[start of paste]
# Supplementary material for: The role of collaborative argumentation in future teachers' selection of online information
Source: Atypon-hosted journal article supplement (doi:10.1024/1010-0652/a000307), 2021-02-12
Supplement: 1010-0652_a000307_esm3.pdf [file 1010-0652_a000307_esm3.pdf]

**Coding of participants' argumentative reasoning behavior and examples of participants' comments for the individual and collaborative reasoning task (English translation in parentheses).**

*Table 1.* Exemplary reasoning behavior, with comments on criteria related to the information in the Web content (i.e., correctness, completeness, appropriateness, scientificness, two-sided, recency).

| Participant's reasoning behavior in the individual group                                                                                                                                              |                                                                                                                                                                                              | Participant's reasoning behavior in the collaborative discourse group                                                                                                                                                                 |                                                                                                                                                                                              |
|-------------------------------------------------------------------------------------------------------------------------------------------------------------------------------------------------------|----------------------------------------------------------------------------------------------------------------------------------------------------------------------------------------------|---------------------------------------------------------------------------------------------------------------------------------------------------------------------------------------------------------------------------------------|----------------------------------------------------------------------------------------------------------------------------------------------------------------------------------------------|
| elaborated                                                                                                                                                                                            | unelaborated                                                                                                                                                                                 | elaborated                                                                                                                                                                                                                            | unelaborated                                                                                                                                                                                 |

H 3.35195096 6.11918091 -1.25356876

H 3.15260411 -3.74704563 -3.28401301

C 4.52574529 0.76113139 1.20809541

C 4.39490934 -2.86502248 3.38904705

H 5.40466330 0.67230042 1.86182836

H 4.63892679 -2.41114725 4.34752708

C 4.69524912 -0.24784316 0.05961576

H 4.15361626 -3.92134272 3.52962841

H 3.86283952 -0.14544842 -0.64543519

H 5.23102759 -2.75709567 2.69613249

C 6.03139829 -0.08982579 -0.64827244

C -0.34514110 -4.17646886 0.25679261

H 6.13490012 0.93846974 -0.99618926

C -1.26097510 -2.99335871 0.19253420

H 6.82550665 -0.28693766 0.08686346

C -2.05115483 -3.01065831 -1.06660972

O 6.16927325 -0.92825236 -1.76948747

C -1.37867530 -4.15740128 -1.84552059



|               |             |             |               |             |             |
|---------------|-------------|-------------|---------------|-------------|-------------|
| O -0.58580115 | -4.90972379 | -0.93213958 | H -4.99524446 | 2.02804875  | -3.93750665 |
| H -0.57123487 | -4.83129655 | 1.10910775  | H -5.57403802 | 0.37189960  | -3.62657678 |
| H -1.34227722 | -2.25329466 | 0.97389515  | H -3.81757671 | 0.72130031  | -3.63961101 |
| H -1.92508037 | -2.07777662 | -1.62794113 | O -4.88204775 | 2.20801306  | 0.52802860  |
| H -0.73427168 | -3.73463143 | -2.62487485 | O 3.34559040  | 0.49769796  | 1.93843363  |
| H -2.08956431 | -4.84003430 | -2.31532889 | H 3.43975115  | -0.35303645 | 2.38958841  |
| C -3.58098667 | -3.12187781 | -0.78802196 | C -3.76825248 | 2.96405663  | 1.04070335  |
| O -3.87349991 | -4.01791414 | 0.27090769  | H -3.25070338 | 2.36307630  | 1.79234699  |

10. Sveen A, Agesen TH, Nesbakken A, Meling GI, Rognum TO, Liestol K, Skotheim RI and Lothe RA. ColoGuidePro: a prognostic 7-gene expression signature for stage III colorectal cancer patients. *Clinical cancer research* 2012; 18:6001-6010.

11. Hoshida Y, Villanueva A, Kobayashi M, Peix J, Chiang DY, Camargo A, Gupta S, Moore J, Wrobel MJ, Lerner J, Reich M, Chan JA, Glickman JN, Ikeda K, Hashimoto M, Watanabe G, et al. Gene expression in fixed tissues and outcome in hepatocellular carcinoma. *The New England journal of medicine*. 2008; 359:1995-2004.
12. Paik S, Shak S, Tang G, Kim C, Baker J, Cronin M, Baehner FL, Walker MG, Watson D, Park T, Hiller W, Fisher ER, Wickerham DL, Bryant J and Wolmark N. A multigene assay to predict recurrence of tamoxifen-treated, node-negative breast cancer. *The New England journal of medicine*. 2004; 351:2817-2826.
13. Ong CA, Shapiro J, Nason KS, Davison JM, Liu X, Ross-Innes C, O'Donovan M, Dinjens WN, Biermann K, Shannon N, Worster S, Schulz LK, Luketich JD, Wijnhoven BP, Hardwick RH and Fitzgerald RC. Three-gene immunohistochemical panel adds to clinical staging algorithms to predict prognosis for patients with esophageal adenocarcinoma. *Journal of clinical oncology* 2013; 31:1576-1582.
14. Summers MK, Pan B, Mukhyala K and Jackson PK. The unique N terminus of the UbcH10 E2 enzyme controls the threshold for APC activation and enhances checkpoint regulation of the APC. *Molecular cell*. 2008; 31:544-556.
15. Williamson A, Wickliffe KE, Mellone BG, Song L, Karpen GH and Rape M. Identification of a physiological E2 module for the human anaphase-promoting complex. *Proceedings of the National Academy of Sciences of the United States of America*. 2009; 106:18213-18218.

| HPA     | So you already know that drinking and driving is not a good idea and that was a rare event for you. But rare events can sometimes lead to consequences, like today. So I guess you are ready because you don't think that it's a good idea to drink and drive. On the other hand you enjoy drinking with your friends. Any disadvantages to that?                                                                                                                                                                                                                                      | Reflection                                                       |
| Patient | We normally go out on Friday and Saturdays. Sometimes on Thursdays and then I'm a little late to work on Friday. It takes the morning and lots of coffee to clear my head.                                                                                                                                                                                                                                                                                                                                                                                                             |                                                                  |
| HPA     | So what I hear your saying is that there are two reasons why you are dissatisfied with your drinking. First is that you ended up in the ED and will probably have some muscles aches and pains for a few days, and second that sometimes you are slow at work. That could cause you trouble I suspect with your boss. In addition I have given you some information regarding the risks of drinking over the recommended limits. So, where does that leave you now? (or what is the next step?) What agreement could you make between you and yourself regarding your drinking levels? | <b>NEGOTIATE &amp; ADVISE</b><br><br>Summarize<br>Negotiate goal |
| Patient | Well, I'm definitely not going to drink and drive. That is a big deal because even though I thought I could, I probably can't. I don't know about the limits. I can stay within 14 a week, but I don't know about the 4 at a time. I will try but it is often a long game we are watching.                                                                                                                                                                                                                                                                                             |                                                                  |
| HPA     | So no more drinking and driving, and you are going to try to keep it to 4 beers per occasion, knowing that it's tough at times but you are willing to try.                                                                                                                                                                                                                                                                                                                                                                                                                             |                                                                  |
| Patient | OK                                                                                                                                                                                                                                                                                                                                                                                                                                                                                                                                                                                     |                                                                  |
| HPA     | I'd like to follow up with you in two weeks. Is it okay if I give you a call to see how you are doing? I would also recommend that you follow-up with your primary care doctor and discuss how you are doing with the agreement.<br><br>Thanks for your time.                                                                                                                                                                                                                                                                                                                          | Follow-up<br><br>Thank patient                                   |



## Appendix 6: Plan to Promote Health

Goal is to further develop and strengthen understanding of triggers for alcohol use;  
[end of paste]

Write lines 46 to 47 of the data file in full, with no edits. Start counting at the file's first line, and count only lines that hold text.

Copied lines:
| Patient | Well, I'm definitely not going to drink and drive. That is a big deal because even though I thought I could, I probably can't. I don't know about the limits. I can stay within 14 a week, but I don't know about the 4 at a time. I will try but it is often a long game we are watching.                                                                                                                                                                                                                                                                                             |                                                                  |
| HPA     | So no more drinking and driving, and you are going to try to keep it to 4 beers per occasion, knowing that it's tough at times but you are willing to try.                                                                                                                                                                                                                                                                                                                                                                                                                             |                                                                  |